On Thursday, January 19, 2017, the Eighth Circuit issued an opinion in Guenther v. Griffin Constr. Co., 16-1760 (8th Cir. Jan. 19, 2017), and held that a claim for compensatory damages brought under the Americans with Disabilities Act (ADA) survives the death of the aggrieved party. The case involved an employee who was terminated from Griffin Construction in 2008 after overseeing construction projects for four (4) years. He claimed that he was terminated as a result of his diagnosis with cancer.
The former employee filed a charge of discrimination with the EEOC, but died before the administrative process was complete. The EEOC issued a right-to-sue letter, having found reasonable cause, and the administrator of the estate filed suit under the Arkansas Civil Rights Act as well as Title I of the ADA. Griffin Construction moved to dismiss (arguing the claims did not survive death) and the district court agreed, finding the ADA claim abated at death and entered judgment on the pleadings for Griffin Construction.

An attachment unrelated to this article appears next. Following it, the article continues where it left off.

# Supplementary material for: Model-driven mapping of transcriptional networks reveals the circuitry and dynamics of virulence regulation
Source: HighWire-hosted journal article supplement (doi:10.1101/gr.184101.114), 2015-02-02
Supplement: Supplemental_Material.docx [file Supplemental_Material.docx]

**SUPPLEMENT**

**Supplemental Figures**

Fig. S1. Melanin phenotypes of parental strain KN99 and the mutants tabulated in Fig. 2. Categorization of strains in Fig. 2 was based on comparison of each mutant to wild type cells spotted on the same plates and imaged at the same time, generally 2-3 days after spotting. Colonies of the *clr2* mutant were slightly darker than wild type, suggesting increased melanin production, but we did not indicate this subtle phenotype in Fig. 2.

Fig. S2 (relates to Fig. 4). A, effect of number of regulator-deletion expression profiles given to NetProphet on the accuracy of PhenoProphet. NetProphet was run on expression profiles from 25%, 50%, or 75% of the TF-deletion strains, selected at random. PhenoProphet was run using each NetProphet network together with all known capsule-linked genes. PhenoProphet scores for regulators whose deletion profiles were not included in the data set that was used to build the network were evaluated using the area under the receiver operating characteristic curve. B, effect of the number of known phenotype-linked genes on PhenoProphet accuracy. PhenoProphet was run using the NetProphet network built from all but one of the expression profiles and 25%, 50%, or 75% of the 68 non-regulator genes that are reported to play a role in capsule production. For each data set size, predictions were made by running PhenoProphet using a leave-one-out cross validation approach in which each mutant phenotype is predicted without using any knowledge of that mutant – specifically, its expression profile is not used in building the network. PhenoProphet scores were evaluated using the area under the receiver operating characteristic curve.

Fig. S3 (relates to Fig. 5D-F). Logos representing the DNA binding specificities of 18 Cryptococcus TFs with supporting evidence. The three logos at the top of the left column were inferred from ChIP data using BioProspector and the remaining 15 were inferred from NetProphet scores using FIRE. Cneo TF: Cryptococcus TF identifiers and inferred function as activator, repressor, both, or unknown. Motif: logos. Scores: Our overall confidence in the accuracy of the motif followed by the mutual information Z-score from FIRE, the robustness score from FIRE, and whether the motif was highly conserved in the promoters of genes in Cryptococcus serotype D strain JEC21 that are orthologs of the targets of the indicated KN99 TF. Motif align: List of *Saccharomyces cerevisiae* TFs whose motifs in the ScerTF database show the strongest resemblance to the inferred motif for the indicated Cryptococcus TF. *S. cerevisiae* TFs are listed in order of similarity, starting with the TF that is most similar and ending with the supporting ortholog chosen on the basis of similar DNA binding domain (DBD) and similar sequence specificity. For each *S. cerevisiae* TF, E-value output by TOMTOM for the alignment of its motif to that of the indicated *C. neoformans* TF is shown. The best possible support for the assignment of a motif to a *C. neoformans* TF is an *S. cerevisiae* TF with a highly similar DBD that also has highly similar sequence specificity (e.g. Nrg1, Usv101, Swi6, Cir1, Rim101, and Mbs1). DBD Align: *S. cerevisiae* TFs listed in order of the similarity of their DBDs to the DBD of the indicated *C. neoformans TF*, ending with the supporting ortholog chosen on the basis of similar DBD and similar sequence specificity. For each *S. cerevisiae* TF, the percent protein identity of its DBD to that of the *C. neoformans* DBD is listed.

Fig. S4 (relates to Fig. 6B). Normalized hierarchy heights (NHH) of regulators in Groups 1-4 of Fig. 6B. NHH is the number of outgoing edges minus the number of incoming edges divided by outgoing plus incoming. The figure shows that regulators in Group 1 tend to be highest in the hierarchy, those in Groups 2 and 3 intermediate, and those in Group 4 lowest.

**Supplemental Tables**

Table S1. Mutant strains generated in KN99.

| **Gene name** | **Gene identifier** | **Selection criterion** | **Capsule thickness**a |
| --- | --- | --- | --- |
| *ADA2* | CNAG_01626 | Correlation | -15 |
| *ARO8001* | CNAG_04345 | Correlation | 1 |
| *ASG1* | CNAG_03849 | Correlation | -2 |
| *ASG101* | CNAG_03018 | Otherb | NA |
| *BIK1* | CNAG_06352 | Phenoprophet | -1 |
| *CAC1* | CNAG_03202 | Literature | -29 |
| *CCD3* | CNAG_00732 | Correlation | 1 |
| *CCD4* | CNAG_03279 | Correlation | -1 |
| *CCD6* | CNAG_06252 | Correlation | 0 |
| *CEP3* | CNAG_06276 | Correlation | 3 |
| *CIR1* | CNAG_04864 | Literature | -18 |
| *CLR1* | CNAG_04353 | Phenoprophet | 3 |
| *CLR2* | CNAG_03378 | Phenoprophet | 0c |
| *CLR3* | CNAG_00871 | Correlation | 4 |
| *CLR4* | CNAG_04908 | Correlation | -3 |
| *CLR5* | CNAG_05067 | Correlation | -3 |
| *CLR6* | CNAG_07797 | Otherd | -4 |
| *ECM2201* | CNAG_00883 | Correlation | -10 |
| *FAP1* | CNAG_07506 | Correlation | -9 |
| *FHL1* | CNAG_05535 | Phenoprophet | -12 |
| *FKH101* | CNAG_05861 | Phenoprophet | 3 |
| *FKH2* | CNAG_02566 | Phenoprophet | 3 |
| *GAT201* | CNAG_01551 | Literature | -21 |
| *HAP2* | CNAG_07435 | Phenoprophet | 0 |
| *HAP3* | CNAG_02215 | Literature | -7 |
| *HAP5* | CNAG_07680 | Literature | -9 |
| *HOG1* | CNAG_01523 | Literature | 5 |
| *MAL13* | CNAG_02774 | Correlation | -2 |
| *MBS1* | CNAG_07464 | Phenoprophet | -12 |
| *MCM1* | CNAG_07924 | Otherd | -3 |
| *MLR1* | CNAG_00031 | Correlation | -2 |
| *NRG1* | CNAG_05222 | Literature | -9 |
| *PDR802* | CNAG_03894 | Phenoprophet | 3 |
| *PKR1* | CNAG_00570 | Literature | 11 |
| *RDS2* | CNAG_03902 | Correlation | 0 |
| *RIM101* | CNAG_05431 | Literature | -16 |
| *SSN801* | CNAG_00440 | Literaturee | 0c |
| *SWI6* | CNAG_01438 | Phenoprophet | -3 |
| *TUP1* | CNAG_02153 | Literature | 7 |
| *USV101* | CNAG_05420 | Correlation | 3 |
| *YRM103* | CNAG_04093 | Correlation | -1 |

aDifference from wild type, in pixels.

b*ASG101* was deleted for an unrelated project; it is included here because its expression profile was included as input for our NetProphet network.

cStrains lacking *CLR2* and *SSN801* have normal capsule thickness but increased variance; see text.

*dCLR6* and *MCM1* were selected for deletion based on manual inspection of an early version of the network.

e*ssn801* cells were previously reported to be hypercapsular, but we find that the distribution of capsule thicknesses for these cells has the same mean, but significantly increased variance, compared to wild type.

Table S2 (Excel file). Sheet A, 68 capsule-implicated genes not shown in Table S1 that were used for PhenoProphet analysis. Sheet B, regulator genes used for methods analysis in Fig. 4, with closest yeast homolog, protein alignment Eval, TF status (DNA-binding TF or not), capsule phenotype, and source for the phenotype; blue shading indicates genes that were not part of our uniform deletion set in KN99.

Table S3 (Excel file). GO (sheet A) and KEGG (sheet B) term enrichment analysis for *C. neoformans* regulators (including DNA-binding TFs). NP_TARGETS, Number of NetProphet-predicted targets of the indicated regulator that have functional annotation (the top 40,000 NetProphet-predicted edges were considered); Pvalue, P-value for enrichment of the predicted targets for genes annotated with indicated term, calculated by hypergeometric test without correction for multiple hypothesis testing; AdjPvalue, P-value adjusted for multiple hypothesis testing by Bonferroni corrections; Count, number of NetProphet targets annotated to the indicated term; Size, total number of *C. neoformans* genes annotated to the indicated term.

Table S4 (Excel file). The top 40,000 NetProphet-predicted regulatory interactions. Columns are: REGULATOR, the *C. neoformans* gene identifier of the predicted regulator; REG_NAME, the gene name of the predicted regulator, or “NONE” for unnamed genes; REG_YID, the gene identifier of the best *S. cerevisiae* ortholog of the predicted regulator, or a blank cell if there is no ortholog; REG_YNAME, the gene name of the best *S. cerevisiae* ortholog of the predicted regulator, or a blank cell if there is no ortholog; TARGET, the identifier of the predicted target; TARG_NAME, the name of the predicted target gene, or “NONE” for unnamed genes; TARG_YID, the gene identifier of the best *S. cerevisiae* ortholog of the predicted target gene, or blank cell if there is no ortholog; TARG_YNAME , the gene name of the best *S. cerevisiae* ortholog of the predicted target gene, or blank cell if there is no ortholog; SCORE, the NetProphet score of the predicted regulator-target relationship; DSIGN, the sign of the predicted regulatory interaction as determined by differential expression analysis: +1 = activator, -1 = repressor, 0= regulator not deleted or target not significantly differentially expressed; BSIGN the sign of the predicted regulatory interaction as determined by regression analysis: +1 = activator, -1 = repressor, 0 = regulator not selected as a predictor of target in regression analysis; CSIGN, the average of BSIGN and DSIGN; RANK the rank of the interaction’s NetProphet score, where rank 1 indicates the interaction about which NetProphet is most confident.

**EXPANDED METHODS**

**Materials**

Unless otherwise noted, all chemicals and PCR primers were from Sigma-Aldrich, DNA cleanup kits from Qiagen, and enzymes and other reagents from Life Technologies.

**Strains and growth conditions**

The estate appealed to the Eighth Circuit. The Eighth Circuit found that the “ADA is silent on the claim-survival issue, and ‘there is no general survival statute for federal-question cases.’” Accordingly, the Court looked at Congress’s intent in passing the ADA and noted, “Congress declared its interest in passing the ADA was to ‘provide a clear and comprehensive national mandate’ with ‘clear, strong, consistent, [and] enforceable standards.’” Relying on this principle, the Court found that “abatement of compensatory ADA claims poses ‘a special threat to enforcement,’” and “the very nature of the ADA makes it more likely the aggrieved party will die before the case is complete given the health issue which brings him or her under the statute’s protection.” The Court did, however, clearly note that while an individual’s estate could “bring and maintain a suit for compensatory damages under the ADA in place of the aggrieved party,” it would not provide any view as to “whether a claim for punitive damages would survive,” or “whether a claim under any other federal scheme warrants a uniform rule of survivorship.”